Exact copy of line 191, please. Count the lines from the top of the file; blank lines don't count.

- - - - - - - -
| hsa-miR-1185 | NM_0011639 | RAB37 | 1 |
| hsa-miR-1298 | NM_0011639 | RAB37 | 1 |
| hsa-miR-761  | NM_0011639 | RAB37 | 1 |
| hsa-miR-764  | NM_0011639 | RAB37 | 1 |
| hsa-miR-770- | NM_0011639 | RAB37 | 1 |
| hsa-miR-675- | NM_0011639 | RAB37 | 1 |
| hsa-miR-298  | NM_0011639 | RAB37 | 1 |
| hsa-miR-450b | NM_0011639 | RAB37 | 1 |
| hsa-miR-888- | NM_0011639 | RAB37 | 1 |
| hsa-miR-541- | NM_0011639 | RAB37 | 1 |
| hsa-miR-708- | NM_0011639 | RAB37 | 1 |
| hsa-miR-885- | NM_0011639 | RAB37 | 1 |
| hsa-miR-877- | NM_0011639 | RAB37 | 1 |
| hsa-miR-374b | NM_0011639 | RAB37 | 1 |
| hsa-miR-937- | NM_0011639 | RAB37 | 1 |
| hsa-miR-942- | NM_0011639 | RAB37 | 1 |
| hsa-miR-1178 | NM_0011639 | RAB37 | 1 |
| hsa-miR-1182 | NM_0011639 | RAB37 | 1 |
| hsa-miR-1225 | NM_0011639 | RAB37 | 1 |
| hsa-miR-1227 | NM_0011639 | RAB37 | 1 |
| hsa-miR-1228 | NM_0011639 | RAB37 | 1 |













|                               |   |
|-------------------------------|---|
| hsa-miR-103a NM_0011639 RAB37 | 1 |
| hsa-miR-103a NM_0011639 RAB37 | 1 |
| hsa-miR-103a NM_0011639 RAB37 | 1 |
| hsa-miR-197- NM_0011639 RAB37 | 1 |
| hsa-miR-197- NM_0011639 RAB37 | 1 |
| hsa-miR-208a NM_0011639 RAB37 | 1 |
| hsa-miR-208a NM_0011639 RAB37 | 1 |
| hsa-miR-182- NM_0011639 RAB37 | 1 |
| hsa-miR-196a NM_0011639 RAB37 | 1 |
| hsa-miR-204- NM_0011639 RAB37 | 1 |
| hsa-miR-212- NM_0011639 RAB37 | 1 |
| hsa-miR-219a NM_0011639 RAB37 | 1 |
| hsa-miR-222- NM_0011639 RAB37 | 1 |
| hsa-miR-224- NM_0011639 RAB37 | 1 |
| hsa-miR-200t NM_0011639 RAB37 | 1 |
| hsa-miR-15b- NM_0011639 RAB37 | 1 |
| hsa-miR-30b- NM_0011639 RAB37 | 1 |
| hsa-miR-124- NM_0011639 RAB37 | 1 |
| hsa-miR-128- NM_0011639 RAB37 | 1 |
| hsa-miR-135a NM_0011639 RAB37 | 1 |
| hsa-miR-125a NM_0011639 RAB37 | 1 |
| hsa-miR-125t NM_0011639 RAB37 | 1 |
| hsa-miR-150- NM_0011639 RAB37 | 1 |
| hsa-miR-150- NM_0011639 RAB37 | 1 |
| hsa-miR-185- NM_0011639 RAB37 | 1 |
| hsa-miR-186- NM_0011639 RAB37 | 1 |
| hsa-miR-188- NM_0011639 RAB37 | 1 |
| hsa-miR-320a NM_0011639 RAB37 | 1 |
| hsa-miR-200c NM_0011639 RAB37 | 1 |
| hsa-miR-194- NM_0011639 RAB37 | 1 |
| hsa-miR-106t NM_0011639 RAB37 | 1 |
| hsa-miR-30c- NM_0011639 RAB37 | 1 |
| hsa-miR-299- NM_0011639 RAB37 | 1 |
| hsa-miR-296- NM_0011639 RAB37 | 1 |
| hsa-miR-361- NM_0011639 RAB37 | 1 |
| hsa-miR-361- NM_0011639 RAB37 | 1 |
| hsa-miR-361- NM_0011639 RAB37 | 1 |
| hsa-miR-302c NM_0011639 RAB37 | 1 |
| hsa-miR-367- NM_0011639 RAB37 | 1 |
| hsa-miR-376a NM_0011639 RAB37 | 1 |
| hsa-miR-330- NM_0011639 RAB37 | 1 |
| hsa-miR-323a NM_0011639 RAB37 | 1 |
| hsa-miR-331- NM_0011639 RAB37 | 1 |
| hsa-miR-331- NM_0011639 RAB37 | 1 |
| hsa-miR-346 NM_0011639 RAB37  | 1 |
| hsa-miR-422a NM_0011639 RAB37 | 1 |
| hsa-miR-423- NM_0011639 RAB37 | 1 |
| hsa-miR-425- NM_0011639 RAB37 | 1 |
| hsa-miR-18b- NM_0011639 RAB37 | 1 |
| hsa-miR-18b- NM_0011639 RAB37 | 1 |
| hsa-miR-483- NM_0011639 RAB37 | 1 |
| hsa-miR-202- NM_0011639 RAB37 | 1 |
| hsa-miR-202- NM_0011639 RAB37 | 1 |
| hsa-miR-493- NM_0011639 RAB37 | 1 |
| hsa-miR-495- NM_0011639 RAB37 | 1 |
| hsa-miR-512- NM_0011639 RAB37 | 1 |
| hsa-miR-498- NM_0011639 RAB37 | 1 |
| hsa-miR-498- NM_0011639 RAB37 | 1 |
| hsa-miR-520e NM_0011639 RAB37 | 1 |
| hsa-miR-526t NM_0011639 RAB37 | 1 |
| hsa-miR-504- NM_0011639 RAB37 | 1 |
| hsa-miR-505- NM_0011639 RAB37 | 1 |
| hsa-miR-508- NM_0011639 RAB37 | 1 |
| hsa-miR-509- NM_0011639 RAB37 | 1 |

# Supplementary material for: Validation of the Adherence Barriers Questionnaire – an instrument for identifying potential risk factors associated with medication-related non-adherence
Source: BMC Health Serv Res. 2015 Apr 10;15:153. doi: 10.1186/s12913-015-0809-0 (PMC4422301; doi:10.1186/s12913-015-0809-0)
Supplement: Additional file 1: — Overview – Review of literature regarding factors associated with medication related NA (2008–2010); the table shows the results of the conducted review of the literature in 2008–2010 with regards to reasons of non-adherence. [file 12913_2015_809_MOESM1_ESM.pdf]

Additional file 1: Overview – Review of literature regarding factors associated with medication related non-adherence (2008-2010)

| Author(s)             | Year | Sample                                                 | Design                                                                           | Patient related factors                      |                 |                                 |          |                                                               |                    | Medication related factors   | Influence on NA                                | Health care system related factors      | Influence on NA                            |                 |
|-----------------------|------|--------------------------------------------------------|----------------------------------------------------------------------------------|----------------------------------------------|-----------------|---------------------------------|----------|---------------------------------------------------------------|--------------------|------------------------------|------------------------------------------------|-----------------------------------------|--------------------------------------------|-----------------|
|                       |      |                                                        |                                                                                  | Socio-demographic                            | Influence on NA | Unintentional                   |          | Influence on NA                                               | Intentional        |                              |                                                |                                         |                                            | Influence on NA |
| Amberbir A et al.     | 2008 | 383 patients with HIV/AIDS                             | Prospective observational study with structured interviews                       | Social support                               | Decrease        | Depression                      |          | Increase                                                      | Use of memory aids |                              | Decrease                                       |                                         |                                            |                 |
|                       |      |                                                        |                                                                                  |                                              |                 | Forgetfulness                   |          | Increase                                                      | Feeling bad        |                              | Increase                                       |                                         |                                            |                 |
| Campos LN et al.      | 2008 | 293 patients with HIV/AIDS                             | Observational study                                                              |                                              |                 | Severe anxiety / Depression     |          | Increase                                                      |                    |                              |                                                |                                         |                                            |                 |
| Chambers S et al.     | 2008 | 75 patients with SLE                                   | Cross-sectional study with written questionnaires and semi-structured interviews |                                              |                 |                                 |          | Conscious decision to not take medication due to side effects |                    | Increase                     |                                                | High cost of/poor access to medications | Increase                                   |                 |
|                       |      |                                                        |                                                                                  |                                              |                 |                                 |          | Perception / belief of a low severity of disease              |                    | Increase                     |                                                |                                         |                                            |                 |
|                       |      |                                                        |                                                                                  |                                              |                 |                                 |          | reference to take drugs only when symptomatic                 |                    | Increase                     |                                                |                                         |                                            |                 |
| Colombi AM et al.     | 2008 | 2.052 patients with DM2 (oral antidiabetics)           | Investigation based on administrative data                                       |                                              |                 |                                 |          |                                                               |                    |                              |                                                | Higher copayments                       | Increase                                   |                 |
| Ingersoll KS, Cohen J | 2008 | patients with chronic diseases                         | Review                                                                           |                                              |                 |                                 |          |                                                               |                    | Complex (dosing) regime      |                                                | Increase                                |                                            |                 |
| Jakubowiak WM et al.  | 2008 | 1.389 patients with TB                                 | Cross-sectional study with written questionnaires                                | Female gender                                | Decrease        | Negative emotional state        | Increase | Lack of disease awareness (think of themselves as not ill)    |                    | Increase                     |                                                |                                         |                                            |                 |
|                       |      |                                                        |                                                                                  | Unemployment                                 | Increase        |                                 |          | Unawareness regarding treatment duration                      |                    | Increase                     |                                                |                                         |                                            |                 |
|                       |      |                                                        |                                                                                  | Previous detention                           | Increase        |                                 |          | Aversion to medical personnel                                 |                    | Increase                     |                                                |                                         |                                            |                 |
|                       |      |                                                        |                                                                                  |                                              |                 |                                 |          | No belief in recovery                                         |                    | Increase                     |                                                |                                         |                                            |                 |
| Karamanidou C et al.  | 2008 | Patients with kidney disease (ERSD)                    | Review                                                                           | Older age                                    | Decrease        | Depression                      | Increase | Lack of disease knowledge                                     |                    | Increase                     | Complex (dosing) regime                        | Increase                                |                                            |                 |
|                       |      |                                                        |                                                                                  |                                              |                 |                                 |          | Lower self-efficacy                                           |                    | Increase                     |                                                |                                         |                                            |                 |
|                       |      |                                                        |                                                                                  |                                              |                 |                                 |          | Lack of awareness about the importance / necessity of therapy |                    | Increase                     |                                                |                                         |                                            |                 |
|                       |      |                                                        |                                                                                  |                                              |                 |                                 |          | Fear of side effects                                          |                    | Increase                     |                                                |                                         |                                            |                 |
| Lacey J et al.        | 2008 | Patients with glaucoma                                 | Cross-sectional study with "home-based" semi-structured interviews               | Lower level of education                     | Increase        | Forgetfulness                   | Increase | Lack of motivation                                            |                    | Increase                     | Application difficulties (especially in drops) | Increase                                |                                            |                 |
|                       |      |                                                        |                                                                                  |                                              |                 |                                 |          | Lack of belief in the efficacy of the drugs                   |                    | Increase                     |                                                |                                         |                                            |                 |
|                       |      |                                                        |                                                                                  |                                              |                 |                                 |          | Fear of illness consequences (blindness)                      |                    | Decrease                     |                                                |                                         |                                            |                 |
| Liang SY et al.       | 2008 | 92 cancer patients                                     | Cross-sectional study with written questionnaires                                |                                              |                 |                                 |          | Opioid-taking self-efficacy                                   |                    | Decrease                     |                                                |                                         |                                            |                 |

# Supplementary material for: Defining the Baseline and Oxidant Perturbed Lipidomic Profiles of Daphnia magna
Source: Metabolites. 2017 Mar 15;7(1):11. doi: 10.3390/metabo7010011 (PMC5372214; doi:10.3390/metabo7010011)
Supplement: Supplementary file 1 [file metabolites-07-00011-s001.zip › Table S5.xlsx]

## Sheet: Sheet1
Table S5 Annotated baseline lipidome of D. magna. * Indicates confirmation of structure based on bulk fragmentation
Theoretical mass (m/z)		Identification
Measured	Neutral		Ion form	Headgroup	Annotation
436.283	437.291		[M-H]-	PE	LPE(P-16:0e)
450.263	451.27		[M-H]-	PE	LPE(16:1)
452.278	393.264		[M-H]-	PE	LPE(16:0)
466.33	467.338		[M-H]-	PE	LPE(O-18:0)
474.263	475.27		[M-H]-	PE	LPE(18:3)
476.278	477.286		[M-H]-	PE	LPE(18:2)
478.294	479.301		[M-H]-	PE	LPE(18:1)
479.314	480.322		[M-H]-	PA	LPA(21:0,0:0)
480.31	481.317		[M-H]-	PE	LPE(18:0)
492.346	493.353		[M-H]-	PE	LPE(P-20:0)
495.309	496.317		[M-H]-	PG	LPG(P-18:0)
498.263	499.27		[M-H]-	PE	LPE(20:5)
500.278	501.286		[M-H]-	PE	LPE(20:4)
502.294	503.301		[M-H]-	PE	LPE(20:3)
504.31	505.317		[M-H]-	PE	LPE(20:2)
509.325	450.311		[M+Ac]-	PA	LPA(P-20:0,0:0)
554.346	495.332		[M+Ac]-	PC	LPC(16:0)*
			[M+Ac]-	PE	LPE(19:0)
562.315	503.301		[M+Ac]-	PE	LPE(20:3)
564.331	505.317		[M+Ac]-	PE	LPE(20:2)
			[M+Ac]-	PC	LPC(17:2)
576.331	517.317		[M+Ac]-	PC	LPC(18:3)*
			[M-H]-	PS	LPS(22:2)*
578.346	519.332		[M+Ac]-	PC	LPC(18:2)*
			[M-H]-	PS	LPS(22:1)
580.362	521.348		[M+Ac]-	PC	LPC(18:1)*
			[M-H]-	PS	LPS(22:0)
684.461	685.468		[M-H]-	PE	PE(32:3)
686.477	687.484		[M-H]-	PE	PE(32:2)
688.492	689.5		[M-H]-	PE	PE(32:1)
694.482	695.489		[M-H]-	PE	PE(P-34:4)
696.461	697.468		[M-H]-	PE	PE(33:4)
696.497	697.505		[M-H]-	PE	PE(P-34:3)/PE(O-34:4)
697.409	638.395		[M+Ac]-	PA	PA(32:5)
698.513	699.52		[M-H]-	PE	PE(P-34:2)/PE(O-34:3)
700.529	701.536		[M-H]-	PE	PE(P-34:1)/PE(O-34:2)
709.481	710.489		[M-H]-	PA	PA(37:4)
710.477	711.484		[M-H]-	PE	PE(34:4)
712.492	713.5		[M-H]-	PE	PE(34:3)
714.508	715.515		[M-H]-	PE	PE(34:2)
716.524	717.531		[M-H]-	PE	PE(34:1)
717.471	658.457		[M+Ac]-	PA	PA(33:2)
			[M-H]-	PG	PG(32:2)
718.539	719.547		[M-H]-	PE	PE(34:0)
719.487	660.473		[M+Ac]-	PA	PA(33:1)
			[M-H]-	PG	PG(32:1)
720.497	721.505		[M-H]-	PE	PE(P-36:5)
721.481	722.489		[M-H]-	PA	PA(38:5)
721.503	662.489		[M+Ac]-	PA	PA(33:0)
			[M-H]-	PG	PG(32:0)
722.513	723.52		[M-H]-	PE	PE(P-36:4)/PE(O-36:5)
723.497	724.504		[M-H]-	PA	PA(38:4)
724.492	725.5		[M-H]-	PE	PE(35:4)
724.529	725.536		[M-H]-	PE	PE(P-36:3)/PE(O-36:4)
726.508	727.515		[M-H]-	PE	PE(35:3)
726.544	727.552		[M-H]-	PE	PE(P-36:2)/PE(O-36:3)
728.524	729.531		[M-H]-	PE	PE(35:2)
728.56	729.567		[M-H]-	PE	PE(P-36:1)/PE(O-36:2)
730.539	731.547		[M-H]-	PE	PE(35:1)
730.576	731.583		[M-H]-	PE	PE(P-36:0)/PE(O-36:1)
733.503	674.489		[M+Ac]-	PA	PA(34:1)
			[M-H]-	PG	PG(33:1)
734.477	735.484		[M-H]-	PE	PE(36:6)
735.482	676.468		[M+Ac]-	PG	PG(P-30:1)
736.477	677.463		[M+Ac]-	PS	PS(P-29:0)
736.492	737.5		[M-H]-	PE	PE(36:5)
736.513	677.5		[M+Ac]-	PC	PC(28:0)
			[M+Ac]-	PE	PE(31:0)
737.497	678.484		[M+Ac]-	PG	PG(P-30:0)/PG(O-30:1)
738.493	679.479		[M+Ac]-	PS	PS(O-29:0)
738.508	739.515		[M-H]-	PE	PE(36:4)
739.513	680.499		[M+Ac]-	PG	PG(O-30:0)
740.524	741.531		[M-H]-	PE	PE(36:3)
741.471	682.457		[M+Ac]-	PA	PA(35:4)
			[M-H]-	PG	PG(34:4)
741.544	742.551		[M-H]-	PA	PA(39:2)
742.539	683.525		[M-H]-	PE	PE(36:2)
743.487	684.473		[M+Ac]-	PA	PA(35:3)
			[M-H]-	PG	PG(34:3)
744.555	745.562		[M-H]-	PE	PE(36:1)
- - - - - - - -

738.493	679.479		[M+Ac]-	PS	PS(O-29:0)